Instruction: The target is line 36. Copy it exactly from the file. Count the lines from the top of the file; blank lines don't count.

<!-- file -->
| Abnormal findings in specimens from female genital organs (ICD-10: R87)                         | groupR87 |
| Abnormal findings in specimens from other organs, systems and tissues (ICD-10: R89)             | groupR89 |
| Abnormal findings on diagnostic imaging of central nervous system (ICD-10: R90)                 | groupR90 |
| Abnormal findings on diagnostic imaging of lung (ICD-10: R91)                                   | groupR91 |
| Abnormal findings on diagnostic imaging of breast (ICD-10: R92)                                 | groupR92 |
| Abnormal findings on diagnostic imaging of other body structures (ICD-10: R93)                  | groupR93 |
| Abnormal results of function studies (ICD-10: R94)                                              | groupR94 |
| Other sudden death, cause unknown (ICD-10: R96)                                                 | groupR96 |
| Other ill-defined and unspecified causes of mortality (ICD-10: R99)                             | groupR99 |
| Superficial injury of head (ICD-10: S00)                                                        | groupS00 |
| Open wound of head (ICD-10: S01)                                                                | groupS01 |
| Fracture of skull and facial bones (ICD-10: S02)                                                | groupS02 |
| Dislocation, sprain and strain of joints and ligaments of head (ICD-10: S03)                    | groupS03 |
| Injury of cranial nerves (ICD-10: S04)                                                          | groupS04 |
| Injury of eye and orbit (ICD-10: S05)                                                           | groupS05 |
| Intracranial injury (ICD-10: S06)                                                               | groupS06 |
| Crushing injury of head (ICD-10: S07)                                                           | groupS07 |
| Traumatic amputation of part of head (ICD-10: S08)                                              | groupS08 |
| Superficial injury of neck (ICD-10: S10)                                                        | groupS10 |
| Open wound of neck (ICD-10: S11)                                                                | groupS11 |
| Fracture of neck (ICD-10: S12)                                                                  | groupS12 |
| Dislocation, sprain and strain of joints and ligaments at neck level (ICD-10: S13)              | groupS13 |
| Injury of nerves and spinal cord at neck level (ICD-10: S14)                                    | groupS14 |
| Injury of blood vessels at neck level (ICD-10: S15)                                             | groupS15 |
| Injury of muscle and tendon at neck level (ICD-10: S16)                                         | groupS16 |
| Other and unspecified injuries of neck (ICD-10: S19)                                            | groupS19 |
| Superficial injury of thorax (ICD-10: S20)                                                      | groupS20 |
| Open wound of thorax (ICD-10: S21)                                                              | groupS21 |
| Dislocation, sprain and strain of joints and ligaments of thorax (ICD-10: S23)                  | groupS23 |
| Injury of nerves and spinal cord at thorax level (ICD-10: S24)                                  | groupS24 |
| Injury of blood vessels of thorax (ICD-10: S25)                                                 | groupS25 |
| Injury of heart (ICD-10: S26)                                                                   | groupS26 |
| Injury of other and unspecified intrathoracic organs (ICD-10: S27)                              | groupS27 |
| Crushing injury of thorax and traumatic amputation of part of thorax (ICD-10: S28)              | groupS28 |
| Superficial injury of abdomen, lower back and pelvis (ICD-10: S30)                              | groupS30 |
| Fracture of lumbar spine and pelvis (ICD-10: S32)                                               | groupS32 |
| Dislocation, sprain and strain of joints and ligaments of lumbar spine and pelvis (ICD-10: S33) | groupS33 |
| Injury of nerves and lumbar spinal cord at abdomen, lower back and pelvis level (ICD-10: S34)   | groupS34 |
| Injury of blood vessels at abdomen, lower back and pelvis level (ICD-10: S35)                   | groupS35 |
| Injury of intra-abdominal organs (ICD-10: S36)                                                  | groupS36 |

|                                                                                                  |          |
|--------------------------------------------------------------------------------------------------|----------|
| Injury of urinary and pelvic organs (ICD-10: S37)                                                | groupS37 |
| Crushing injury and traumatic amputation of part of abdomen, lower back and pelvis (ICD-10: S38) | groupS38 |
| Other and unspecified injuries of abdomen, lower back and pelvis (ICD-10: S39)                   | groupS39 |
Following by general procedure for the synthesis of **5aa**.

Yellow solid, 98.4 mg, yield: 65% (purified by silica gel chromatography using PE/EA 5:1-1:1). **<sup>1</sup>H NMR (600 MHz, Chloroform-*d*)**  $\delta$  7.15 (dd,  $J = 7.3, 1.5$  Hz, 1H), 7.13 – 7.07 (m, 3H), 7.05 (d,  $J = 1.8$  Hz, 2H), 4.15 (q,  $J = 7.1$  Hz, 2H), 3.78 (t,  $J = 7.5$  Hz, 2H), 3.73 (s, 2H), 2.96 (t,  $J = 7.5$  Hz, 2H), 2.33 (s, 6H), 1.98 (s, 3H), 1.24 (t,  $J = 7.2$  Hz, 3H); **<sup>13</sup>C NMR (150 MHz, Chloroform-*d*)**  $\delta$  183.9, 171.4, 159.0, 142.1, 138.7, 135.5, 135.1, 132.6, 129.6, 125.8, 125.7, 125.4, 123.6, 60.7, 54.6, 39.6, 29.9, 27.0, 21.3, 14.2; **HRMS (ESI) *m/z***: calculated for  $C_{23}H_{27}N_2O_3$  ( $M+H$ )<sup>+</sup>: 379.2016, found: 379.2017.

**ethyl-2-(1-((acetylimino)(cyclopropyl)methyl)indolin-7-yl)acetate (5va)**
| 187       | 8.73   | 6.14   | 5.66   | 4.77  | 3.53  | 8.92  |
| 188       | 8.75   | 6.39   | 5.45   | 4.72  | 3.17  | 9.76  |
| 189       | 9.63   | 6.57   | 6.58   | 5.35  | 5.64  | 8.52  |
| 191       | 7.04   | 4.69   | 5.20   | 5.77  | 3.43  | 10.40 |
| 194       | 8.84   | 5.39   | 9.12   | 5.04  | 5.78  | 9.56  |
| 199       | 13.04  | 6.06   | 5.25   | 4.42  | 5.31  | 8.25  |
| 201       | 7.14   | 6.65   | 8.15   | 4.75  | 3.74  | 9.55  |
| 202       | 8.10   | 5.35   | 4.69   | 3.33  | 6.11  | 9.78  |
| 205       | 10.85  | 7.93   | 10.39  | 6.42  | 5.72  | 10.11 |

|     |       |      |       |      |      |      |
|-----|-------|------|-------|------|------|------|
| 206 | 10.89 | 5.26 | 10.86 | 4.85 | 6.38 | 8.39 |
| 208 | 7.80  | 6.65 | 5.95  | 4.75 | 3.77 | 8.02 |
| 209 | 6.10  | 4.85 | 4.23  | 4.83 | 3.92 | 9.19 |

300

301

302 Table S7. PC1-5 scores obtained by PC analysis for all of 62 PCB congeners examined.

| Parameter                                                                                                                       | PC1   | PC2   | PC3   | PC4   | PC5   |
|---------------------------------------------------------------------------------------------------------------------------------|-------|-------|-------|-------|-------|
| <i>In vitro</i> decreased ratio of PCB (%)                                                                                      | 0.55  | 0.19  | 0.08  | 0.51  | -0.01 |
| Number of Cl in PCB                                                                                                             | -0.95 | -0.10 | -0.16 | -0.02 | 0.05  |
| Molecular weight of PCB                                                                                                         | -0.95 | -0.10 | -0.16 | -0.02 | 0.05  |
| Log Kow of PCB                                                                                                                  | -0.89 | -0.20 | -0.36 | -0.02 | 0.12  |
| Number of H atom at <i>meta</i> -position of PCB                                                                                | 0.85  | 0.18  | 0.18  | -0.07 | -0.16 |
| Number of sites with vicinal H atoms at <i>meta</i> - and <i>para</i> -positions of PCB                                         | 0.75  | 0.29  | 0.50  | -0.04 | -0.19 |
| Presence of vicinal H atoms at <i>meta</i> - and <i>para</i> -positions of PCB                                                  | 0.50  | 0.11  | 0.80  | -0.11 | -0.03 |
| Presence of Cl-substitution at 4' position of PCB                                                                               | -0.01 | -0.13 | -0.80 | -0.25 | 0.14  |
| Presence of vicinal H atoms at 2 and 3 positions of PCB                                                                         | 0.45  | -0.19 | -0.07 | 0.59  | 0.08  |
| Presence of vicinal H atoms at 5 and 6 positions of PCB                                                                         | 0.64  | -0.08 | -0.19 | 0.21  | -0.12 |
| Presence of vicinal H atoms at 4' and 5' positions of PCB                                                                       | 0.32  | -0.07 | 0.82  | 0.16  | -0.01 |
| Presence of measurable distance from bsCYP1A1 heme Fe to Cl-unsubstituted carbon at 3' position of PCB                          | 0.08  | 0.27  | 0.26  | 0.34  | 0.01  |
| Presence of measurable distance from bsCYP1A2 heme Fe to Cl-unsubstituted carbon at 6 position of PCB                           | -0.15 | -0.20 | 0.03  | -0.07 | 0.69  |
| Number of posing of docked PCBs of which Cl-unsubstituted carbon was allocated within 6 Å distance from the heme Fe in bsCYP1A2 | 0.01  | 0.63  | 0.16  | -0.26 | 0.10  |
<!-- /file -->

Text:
| Fracture of lumbar spine and pelvis (ICD-10: S32)                                               | groupS32 |